To help the controversial “Preservation Ranch” sail through public comments and the environmental review and permitting process, PPV hired a development-oriented environmental consultant and attorney, Tom Adams, and Sonoma County real estate/land use attorney and former county Supervisor Eric Koenigshofer, to defend and promote the project. Koenigshofer was a key campaign advisor for new Sonoma County supervisor Efren Carillo, who defeated rival Rue Furch, a county planner opposed to Preservation Ranch. Carillo’s fundraising base has been reported to be mostly developers, loggers, Russian River gravel miners (including Syar), and industrial agriculture.
As vineyards encroach and fragment extensive forest or woodland landscapes, they create new wildlife-human conflicts. Vineyards are the largest source of requests for depredation permits (permission to kill bears, deer, turkeys, and other unwelcome wildlife consumers of wine grapes, according to Eric Larson of the California Department of Fish and Game. Vineyard owners were the reason state law was changed to include wild turkeys on the list of animals that can be killed.
The forests and woodlands of the Gualala River watershed have no dams, and until 2000, had almost no crop agriculture. Adina Merenlender, a researcher at UC Hopland Extension who studies vineyard spread, reports that vineyard acreage in northern Sonoma County increased almost 52% between 2000 and 2006.
Vineyard conversions in Annapolis replace or recontour formerly forested ridgetops, spreading agricultural impacts in the redwood coast watershed.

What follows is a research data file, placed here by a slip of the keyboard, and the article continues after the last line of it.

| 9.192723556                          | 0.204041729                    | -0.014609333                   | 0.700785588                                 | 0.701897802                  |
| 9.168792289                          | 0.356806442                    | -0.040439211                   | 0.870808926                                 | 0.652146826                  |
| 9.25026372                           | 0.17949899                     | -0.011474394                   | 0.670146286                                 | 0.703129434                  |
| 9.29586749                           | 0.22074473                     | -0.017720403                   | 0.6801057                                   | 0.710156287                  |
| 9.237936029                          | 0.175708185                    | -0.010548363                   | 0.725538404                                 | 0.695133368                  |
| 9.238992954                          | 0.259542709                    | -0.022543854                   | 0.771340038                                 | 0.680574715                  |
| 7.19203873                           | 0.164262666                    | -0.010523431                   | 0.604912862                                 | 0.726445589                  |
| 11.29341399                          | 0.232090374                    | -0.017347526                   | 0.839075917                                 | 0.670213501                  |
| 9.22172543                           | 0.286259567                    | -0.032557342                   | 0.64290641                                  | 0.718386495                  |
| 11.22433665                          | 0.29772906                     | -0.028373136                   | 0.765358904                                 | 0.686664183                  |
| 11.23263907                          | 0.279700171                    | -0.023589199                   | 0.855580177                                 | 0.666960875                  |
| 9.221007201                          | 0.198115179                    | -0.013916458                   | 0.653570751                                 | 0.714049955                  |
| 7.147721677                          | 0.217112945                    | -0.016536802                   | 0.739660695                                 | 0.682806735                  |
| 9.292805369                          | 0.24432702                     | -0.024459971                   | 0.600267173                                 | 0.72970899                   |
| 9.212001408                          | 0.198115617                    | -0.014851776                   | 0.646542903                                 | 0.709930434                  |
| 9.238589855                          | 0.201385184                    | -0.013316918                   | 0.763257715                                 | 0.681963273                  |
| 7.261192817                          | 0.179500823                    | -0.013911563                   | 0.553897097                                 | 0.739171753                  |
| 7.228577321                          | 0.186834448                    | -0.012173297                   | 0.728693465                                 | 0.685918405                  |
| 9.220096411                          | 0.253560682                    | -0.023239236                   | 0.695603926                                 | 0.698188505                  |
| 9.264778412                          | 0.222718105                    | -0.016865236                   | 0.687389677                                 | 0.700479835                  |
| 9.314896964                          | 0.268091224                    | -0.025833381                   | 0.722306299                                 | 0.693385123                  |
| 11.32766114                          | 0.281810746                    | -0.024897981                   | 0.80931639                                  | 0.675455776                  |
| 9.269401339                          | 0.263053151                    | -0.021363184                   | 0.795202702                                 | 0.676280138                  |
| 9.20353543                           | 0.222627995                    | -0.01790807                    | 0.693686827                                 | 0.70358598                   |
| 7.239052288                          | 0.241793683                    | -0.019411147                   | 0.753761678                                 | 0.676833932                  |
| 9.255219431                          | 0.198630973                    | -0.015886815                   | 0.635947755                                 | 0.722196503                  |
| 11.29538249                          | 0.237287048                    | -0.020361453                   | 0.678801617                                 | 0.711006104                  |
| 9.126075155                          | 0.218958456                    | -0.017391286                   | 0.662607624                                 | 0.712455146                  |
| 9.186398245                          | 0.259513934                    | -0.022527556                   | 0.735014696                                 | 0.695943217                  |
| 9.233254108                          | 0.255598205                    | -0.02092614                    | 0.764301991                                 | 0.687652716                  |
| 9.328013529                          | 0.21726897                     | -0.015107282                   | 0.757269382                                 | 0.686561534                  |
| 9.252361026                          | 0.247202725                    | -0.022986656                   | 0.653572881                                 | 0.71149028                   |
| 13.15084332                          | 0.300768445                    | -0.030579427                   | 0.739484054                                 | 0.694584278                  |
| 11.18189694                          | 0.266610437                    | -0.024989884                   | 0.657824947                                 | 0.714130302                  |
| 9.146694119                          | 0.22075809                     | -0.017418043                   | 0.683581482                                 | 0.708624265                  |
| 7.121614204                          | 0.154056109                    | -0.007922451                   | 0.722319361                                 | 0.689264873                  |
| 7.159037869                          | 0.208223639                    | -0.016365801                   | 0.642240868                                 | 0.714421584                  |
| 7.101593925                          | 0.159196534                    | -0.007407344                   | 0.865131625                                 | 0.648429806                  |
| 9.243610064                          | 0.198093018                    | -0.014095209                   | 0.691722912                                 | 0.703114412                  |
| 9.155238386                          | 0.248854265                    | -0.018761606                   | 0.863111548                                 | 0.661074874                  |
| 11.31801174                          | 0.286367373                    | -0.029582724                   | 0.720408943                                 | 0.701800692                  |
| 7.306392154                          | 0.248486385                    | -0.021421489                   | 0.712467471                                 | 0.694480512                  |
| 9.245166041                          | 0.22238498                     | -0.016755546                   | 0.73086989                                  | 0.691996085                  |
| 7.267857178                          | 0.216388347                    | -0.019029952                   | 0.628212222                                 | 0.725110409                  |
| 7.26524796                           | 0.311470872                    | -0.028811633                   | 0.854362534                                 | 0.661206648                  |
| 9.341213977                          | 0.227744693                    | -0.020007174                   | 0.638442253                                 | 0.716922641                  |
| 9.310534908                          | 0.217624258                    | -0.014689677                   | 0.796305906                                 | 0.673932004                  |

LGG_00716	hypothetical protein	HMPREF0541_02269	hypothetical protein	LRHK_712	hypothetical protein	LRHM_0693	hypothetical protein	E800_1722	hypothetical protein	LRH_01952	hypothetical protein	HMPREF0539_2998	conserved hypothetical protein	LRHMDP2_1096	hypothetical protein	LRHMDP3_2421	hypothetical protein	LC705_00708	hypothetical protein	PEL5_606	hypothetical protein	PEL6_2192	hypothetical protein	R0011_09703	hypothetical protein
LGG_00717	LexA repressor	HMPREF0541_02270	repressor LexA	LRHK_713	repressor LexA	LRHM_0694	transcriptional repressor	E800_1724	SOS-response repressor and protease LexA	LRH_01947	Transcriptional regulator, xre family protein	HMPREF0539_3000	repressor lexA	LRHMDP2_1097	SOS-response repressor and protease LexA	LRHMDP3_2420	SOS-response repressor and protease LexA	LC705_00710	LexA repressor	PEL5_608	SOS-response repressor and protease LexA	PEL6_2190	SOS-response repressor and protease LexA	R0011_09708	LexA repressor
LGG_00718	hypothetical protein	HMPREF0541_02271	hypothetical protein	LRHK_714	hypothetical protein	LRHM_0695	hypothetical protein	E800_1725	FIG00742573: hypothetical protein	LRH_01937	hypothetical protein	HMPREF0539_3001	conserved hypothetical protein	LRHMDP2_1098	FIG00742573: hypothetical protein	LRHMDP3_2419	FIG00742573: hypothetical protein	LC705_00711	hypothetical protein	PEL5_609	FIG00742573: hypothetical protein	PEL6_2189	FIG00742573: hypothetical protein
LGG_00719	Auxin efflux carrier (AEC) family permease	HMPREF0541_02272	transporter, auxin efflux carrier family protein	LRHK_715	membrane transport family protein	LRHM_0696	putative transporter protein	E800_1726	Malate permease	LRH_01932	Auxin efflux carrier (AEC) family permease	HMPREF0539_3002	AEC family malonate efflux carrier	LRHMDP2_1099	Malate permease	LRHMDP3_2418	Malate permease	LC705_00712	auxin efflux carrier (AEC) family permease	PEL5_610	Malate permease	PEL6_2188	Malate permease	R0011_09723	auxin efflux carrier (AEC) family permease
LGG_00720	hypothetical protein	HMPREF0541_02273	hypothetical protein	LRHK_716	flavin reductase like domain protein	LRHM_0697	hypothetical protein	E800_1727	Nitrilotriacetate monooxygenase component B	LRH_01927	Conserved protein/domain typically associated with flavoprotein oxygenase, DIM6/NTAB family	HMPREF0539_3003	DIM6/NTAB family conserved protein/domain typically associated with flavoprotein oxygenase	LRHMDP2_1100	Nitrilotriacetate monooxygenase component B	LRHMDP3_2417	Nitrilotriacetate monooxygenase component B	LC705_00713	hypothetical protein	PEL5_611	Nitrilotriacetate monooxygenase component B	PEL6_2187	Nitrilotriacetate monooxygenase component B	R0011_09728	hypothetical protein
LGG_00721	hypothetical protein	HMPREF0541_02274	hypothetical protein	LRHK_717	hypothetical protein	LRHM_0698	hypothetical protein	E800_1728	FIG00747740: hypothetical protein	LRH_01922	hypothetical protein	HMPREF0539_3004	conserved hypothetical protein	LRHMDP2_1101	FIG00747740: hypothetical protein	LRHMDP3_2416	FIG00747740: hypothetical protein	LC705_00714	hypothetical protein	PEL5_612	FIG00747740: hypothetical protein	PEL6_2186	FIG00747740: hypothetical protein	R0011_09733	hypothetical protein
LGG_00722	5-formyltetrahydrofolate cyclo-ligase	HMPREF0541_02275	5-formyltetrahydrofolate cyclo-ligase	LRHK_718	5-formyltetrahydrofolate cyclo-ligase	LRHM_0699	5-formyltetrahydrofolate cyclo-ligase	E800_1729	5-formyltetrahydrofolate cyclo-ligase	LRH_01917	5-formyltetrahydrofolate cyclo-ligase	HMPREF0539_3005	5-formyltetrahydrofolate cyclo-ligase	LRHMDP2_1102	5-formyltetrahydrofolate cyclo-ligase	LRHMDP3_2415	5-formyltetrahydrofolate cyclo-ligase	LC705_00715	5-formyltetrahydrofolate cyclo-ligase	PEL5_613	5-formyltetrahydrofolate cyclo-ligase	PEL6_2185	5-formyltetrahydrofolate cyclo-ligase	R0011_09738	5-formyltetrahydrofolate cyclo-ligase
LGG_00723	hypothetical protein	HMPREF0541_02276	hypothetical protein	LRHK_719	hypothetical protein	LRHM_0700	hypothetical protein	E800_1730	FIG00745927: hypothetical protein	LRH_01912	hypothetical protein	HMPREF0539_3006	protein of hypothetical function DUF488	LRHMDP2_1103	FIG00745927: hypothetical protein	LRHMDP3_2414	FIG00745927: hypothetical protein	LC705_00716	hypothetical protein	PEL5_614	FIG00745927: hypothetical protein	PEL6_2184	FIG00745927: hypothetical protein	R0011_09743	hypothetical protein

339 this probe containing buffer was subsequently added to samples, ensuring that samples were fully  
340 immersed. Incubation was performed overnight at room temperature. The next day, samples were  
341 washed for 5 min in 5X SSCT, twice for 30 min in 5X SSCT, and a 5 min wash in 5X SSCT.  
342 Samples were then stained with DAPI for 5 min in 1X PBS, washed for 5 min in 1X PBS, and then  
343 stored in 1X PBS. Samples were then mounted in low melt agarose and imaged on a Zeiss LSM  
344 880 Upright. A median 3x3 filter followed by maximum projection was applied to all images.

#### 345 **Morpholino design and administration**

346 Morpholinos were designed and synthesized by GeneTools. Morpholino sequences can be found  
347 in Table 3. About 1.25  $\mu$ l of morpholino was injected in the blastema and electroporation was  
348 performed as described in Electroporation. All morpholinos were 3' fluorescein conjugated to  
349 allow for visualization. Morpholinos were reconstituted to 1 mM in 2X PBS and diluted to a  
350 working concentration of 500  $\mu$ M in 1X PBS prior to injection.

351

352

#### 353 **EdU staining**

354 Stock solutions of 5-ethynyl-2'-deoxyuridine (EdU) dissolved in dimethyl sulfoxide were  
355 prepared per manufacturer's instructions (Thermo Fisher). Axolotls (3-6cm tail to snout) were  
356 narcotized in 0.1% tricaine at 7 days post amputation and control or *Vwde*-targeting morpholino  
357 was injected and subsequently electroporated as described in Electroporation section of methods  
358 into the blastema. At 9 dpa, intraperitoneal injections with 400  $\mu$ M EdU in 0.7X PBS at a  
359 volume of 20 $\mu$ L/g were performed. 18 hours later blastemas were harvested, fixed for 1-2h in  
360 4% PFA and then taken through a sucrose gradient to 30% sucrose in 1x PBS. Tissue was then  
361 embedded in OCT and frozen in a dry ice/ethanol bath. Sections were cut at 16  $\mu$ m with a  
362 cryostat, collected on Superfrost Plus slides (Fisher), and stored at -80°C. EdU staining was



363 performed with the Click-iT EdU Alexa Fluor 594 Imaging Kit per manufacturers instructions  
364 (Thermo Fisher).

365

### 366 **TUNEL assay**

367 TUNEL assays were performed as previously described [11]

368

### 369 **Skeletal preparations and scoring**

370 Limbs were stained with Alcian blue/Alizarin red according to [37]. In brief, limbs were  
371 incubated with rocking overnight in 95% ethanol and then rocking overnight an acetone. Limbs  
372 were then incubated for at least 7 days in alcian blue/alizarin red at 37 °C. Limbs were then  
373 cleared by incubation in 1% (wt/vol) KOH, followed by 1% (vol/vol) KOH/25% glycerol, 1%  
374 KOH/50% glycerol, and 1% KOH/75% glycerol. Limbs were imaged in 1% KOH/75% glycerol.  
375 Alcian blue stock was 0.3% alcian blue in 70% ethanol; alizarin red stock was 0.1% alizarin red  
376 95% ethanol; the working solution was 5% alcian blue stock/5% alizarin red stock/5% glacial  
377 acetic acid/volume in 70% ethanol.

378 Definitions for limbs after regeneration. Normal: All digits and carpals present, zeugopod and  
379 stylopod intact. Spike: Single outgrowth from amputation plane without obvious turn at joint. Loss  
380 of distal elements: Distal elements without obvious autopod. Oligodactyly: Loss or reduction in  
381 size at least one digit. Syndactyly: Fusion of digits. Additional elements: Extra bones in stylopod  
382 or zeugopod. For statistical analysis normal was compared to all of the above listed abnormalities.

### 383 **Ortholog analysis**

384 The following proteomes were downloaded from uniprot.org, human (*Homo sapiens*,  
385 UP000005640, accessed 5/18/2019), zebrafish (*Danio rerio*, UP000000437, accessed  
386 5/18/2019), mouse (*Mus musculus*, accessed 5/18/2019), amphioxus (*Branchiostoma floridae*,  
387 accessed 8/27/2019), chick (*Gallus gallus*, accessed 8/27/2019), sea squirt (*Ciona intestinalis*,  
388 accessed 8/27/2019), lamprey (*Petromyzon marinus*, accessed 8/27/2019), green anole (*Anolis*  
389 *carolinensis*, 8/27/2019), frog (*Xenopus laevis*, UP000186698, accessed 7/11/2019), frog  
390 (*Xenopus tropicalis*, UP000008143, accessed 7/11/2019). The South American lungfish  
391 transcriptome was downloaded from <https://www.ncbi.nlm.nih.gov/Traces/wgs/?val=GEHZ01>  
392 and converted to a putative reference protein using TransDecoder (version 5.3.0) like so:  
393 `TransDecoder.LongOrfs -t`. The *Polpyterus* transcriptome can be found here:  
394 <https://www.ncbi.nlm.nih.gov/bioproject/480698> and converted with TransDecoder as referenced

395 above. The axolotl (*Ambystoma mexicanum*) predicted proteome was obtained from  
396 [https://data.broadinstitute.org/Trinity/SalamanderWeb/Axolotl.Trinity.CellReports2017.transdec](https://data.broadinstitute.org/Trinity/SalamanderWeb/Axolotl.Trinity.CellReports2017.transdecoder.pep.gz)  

Photo courtesy of Jamie Hall, Annapolis.
Pesticide loads in the Gualala River watershed were limited mostly to timber management use of herbicides. Sonoma County vineyards in 2000 applied 48,490 lbs of glyphosate (Roundup herbicide), 163,648 lbs of dichloropropene, 132,159 lbs of methyl bromide (two highly toxic soil-sterilizing poisons), 32,823 lbs of mancozeb (a fungicide highly toxic to fish), according to UC Davis analysis of statewide pesticide reporting, not including accidental spills. Sea Ranch and Gualala residents use the Gualala River for drinking water.
The market for new premier wine grapes has changed drastically since the project began during the peak of the Pinot Noir craze. Demand for premium Pinot Noir grapes has slumped in the recession, and wine consumer preferences are known to turn on whims of fashion. The Press Democrat reported this summer that pinot noir grapes commanding $3,000 a ton last year is getting about $1,700 this year, and much of the crop that was not already committed to contract is going unsold.
Critics of the project point to the shaky economic foundations of the Preservation Ranch project’s various incarnations – luxury homes and luxury wines for which markets have slumped, with no foreseeable change ahead. “Is there even a viable business plan for this, or is it just dead-end speculation fueled by CalPERS investment dollars?” asks Annapolis resident Chris Poehlmann of Friends of the Gualala River.
Craig Bell, Mendocino County’s eminent river restorationist, steelhead fisherman, and forester, is alarmed by vineyard conversions in North Coast forests. “Vineyard development is a real threat” to recovery of Gualala steelhead, in his opinion, and is “the last thing I’d want in my watershed”. He argued that vineyard threats are cumulative impacts, not due to single vineyards in isolation, but the aggregate effect of many of them in the same watershed. In terms of fish and flows, vineyards are a different kind of wine headache: “Three aspirin will cure a headache, but one hundred can kill you”, he offered as an analogy of the difference between a few vineyards and a watershed full of them.